That comment drew ire from the meeting’s attendees, especially when Zanchuck and Bramante mentioned that the proposed revisions suggested by the committee have sometimes been “gutted” by the DOE as iterations of the document are shared between the DOE and the task force.
“It’s not fair to us as community members to know there’s this negotiation going on out of the public view,” said Zandra Rice Hawkins, who was speaking at the session as a mother of school-aged children, but who is also the founding executive director of Granite State Progress.
The only required public listening session for the 306 revision will happen after Bramante’s task force delivers their final recommendations to the DOE sometime next month and the state Board of Education enters the rule-making phase, a 180-day legislative process, Bramante said.
“All this stuff [including listening sessions] we’ve been doing for the last two and a half years, that was not required,” Bramante said.
In fact, he noted, the DOE doesn’t need to accept his task force’s recommendations–or the public input they’ve integrated–at all.
“They can throw the whole thing out,” he said. “I don’t think they will, but I don’t know.”
The end of a competency-based assessment
Still another flash point between educators and the state was the failed attempt to reform how student achievement is assessed in a competency-based system.
“You can’t measure a competency by asking a series of multiple choice questions,” said Carla Evans, a senior associate at the Center for Assessment, a New Hampshire non-profit that has contracted with the DOE to create assessments that are compatible with CBE..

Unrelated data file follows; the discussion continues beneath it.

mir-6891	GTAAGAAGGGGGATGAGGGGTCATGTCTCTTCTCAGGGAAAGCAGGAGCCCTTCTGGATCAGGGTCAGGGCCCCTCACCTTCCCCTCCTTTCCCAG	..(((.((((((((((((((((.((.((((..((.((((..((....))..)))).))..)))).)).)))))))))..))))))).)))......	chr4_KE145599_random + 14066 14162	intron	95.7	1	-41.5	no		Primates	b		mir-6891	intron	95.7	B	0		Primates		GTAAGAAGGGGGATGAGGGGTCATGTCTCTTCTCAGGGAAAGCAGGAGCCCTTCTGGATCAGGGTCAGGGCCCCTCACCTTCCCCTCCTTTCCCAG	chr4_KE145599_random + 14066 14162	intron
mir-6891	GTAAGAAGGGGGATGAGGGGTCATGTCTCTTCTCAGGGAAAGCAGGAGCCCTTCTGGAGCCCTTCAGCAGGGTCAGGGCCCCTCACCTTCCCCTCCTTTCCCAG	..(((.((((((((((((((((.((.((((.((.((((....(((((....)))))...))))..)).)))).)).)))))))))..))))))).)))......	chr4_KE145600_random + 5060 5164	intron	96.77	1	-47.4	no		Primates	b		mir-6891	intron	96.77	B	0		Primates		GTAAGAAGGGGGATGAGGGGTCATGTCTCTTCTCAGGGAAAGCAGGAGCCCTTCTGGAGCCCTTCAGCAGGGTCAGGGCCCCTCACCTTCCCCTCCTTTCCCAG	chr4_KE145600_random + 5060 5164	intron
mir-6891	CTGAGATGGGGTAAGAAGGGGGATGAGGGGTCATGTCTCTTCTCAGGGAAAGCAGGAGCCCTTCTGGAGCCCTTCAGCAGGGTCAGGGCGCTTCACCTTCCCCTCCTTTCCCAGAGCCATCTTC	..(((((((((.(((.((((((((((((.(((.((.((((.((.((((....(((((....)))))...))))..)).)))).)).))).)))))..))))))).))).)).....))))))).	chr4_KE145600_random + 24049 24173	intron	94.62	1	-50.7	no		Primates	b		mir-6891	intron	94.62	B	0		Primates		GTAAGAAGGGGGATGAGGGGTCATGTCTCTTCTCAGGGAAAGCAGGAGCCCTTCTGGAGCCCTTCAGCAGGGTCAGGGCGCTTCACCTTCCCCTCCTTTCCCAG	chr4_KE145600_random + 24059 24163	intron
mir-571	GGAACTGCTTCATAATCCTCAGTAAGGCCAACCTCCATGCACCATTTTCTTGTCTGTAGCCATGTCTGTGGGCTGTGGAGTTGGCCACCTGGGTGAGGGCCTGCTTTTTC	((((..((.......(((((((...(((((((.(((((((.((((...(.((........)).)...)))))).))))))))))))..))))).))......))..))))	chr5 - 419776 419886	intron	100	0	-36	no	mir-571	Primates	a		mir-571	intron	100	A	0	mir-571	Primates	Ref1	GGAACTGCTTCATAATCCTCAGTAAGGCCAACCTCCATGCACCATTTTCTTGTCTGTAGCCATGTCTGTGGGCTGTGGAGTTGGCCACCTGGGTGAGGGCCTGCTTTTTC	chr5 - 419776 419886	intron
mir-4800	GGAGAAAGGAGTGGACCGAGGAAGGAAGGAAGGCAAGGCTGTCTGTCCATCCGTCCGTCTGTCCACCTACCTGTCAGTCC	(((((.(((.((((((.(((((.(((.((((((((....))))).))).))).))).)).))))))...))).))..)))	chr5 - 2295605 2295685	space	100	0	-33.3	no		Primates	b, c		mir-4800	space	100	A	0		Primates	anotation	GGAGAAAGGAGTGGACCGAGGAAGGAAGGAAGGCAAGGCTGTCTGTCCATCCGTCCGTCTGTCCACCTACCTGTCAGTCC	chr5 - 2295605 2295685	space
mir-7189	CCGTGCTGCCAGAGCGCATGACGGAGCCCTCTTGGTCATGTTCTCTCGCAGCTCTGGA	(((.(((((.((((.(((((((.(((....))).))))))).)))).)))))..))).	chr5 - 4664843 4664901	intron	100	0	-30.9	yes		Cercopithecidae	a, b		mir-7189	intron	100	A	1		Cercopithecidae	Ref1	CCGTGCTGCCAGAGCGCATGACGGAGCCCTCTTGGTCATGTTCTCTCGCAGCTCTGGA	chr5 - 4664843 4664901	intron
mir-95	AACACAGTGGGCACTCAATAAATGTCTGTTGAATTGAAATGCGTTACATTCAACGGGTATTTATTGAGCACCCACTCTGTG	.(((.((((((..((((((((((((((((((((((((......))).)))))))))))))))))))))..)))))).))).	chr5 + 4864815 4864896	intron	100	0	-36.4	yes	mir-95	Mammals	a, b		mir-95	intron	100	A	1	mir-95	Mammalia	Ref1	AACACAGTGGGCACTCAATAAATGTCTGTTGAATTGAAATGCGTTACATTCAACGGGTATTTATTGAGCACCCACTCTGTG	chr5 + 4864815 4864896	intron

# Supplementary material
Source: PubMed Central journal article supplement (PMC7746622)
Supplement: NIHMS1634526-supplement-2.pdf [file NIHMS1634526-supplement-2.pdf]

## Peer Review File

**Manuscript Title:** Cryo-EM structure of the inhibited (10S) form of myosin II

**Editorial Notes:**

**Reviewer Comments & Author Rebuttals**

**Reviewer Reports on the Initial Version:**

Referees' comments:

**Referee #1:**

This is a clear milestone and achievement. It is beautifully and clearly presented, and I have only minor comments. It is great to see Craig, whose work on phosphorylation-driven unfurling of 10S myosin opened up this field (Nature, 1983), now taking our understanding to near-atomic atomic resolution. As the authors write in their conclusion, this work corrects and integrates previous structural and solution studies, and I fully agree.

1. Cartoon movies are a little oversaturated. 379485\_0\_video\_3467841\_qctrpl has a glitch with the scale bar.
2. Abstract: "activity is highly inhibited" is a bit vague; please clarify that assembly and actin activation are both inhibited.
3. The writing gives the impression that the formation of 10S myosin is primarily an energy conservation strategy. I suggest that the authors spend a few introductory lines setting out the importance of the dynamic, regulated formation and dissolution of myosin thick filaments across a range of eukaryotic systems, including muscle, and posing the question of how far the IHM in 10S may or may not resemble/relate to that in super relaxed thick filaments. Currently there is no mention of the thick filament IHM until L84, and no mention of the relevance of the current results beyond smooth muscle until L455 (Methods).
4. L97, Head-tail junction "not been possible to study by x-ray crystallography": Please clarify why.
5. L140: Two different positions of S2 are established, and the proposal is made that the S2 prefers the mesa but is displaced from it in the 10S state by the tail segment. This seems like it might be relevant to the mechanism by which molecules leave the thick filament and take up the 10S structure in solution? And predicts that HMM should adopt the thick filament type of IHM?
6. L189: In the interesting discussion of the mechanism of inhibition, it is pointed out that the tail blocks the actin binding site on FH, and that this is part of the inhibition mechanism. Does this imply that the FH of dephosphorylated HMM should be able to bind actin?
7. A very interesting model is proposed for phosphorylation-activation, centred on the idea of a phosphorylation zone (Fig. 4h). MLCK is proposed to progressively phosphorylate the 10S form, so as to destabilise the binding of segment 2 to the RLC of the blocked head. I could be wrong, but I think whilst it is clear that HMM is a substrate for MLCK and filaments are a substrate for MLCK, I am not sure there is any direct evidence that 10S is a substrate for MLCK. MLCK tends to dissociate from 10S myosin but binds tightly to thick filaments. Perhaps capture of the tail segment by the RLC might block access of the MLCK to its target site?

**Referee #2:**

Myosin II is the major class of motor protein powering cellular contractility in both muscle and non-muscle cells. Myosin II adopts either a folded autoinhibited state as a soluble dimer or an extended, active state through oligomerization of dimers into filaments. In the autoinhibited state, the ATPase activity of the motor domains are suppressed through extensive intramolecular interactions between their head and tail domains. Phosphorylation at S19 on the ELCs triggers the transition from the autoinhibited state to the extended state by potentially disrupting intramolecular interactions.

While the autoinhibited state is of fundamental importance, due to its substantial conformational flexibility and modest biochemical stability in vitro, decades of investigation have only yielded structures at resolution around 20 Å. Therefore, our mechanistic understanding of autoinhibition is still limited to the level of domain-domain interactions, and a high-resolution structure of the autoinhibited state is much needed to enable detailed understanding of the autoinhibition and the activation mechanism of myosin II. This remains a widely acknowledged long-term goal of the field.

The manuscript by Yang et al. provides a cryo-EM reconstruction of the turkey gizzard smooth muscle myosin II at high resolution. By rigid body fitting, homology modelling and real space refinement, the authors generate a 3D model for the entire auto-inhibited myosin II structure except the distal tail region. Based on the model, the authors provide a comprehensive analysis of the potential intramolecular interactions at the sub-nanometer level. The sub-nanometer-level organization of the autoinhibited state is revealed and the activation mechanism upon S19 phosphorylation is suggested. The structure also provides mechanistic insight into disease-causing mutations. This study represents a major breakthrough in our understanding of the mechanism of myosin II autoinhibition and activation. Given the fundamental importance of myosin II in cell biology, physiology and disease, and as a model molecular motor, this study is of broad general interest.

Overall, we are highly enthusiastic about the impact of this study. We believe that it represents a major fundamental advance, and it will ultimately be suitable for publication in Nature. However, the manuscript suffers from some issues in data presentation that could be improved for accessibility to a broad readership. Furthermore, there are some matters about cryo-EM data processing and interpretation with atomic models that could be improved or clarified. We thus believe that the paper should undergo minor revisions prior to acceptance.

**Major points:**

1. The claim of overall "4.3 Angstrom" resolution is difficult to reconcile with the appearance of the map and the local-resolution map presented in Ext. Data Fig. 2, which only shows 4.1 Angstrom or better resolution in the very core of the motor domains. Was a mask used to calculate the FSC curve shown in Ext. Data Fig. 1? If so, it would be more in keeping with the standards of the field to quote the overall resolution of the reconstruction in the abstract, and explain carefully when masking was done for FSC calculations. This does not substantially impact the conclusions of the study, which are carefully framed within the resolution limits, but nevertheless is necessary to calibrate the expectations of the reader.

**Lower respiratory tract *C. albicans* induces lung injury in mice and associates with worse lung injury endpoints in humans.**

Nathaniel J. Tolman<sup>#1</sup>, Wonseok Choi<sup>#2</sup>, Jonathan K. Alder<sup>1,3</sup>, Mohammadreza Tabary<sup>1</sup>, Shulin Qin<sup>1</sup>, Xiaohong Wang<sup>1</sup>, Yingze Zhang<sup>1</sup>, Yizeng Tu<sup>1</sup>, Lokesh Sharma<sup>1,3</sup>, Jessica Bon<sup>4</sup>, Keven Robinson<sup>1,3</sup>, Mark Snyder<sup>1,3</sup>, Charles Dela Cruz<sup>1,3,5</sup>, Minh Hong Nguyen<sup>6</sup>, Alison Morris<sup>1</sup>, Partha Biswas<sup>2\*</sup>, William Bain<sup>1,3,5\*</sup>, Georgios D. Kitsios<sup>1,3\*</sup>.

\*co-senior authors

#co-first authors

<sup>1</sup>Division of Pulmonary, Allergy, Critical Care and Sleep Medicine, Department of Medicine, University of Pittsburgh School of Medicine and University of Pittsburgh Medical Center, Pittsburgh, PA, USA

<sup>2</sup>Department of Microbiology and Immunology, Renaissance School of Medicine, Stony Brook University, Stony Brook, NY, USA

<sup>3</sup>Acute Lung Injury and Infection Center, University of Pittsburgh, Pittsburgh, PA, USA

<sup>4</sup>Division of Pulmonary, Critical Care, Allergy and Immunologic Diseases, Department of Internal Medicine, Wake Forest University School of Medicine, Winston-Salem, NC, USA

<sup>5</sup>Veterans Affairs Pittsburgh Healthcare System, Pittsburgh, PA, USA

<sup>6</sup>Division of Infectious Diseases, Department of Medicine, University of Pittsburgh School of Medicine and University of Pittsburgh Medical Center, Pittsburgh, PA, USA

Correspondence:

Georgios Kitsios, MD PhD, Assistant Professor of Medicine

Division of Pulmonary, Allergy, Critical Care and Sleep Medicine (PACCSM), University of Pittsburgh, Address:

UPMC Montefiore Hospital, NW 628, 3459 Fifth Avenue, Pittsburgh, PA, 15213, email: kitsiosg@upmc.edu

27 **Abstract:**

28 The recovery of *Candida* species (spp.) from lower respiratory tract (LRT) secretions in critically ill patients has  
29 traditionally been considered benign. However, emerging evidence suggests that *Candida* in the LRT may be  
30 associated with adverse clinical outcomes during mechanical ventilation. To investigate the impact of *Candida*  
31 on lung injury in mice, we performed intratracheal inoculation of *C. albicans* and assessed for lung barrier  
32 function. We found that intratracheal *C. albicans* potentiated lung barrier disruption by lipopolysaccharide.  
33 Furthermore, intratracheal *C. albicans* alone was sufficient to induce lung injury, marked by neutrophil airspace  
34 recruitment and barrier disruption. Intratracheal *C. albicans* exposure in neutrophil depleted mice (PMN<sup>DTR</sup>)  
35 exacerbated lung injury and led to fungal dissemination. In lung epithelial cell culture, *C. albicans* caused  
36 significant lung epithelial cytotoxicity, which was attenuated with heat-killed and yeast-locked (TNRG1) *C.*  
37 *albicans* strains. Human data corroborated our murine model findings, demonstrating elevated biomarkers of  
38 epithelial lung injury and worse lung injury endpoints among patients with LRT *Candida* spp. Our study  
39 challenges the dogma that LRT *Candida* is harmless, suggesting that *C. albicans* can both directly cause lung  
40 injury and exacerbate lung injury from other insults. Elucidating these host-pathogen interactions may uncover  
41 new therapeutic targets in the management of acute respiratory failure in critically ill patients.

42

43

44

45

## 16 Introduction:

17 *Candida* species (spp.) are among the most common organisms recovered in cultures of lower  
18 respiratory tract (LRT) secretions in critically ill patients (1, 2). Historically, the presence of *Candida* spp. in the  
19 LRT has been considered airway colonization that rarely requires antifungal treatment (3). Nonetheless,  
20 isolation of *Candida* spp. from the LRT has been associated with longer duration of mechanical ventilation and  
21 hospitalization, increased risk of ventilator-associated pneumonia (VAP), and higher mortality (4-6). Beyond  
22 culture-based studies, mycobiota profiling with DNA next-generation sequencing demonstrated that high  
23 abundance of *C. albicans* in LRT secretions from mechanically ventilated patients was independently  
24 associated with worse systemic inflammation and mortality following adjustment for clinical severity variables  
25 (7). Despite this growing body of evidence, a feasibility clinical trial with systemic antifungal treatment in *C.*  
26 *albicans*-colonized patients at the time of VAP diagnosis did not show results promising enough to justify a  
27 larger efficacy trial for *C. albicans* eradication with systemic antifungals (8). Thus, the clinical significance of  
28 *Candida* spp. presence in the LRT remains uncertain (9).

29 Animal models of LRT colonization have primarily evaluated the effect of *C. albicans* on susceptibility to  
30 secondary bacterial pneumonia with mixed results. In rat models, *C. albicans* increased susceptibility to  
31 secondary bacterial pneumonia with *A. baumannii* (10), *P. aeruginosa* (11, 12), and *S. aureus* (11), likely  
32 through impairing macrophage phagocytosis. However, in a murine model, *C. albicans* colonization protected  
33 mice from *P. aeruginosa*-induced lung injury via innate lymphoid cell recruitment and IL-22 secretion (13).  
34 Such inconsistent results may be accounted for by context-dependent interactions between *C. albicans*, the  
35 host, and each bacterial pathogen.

To address this problem, beginning in 2004, educators, consultants and members of the DOE developed the Performance Assessment of Competency Education, or PACE. The assessment was designed to reduce the amount of standardized testing that students took in order to better align with competency-based learning.
The program started in four school districts and eventually expanded to 20.
However, in March 2022 the DOE scrapped the program citing concerns over scalability, a move many educators felt was at odds with the department’s stated goal of advancing competency-based education in the state.
Although PACE and state assessment is not tied directly to the 306 revisions, the decision to discontinue a program that many educators had worked hard to implement further damaged the relationship between educators and the state.
Brian Stack, former principal of Sanborn Regional High School in Kingston and a member of the task force drafting the 306 revision, said there’s an “absolute trust issue amongst educators, educator organization and the state right now.”
“I would probably join some of the skeptics in saying I don’t always have the trust either, because there have been an awful lot of changes that have happened in the department over the past several years—lots of different things, not just dropping of PACE…” he said. “I would question why that is as well.”